Visual representations reflecting the order and structure of knowledge have been used for hundreds of years. In the current digital age, many modern computerized approaches have allowed for innovative visual deliveries of information and knowledge in addition to the long-standing, inherent fundamental structures and theories of knowledge representation. This presentation focuses on the hierarchical structures of knowledge organization, aiming to connect theories and practices for certain structures, norms, and best practices, explores their variances in applications with or without quantitative measurements, and discusses the functions of visual representation methods and layouts that enable consequential information discovery and ultimate user experience in the data-driven age.
Semantic enrichment techniques and tools based on knowledge organization systems (KOS) have an important role to play in supporting information discovery. This paper reports on initial work investigating and developing KOS-based automatic indexing recommendation tools (for final intellectual judgment) in the archaeology domain. Within the UK, the OASIS online index of fieldwork events and their unpublished reports has been a major initiative to make archaeological fieldwork available to a wider public. OASIS is hosted by the Archaeology Data Service and is supported by Historic England and Historic Environment Scotland. OASIS reports are contributed by a wide variety of organisations and subject indexing is inconsistent and sometimes sparse, although use of standard KOS from the Forum on Information Standards in Heritage is encouraged.
Initial results from a pilot case study for an automatic (KOS-based) subject indexing recommendation system are reported. Findings include the need for some pre-processing of the KOS vocabularies for NLP purposes and the need for post-processing filters to prioritise subject indexing significant for the document in question. The paper goes on to reflect on evaluation issues for such systems and to make some general comparisons with automatic indexing for Name Authorities and Named Entity Recognition.
Classification schemes are a critical part of helping users to discover knowledge. Despite text being the base of most traditional bibliographic classification schemes, there are also visualised elements in operation too, which are often subliminal and are rarely discussed. So, this paper analyses the visual and graphical elements of classification schemes. The paper starts with a discussion about what “users” and “user experience” means in relation to classification schemes, considering the direct users of classification schemes (such as librarians) , as well as the indirect users (often the library users). Then, there will be an analysis of the mechanics of visualisation, such as how classification schemes use the horizontal plane to represent the vertical idea of hierarchy. This will also explore how visualisation fits into ideas about the aesthetics of KOSs. The paper then considers the transmutation of printed schemes to digital systems, and the impact this has had on graphical representation of classification schemes. This also asks pertinent questions about versions versus visualisations. Finally, the impact of visualising classification schemes on their critique and evaluation will be contemplated, asking whether these often subliminal visual aspects have an impact on the schemes’ usage. Ultimately, exploring this hitherto unexplored aspect of classification schemes, will ask important questions about users, aesthetics, and much more, helping us to build a richer understanding of the classification scheme, and potentially, other KOSs.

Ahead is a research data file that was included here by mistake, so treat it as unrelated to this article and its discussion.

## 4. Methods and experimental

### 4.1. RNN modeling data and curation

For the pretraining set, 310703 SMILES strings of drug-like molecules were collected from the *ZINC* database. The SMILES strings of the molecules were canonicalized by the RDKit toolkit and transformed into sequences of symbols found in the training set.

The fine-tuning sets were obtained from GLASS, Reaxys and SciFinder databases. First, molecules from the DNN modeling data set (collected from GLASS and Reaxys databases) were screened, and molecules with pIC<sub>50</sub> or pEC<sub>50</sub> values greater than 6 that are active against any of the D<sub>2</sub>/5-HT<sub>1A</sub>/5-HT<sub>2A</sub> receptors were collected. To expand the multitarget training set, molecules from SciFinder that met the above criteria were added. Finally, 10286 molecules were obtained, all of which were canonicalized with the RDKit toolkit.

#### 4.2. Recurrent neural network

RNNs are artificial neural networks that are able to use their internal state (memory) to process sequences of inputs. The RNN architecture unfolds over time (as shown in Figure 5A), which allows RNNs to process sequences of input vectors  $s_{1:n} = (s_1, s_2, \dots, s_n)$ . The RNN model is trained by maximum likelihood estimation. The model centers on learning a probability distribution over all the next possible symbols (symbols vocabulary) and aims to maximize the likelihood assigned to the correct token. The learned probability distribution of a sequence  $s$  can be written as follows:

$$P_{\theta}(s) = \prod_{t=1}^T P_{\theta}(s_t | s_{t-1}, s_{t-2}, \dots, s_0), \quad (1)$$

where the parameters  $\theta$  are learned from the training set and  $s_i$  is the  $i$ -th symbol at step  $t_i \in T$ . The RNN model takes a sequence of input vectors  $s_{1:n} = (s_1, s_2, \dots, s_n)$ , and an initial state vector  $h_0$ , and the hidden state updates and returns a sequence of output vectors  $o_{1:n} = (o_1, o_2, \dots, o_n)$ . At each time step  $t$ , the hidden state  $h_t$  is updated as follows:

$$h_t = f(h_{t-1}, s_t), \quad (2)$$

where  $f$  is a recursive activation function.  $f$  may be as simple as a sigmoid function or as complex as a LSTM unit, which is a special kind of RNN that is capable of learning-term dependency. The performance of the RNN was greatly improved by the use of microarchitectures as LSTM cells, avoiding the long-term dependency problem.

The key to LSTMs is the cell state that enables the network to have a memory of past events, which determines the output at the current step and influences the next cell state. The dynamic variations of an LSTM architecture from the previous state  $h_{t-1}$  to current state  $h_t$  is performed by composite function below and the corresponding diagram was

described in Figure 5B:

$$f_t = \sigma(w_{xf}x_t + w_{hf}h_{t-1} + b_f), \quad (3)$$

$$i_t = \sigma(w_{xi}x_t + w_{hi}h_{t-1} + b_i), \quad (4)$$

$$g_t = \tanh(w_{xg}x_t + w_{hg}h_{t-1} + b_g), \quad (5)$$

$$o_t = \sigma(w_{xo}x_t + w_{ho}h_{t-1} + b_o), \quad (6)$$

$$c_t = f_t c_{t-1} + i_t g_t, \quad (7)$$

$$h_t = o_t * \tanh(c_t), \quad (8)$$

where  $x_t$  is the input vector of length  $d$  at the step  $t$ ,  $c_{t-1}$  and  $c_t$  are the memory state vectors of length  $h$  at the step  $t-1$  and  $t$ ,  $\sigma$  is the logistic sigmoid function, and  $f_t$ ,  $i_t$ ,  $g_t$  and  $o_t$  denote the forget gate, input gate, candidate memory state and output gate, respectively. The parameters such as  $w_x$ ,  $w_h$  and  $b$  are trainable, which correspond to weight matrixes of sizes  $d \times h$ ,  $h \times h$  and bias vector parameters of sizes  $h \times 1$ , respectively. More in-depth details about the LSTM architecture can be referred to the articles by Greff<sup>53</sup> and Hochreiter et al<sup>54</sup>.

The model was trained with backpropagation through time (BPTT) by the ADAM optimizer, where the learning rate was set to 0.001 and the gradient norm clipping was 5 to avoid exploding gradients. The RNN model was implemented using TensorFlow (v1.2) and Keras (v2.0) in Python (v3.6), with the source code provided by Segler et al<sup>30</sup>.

This paper is related to the creation of a thesaurus in the Maritime Heritage (MH) field. The suggested controlled vocabulary could improve methods for archiving oral sources, written accounts, imagery, 3D archeology, and other multimedia objects related to people and periods from ancient times to recent history. It has been created to cover the indexing needs for resources from Greek Maritime GLAM institutions hosted in a MH platform of the research infrastructure EN.I.R.I.S.S.T. It is comprised of terms ‘derived from’ the collections which include objects/heirlooms, personal items, scrimshaws, archaeological items, shipping companies archives, correspondence, periodicals, photographs from coaling stations and lighthouses.
Although the construction of this vocabulary took into consideration specific data and their documentation, the purpose is to go beyond EN.I.R.I.S.S.T., and to aid other MH documentation projects or professionals/researchers in organizing and archiving MH data. The goal is to have an imprint on the longevity and communication of MH data in general, and to contribute to establishing MH as a separate Cultural Heritage (CH) branch.
The methodological approach was sensitive to the history of the artefacts, the shipping history and terminology, CH and general vocabularies, as well as the pre-existing practices. Terms and subject headings already existing in the vocabularies of reference were leveraged. The rules and standards of thematic indexing, creation of monolingual and multilingual thesauri, and terminology standards were followed. Currently, the population of the thesaurus with terms automatically extracted from maritime legal documents is being attempted.
It is possible to improve item accessibility in online catalogues by categorizing literary works by time periods, i.e., a story based on when it is playing out, such as in the Middle Ages or World War I. Unfortunately, very few literary works are categorized by time period, resulting in limited accessibility. In addition, it is time - consuming for catalogers to create time periods manually. Thus, there is a need to investigate machine learning techniques for categorizing time periods. Consequently, this paper aims to investigate and evaluate the accuracy of three machine learning algorithms (Latent Dirichlet Allocation, TF-IDF, and Word embedding using SBERT) for categorizing literary works by historical period. The data consists of 35 works of historical fiction from Litteraturbanken written in Swedish. These techniques were analyzed using quasi-experiments, and their accuracy was evaluated using F1-score. The results of the evaluations demonstrate that TF-IDF outperforms both Latent Dirichlet Allocation and Word embedding.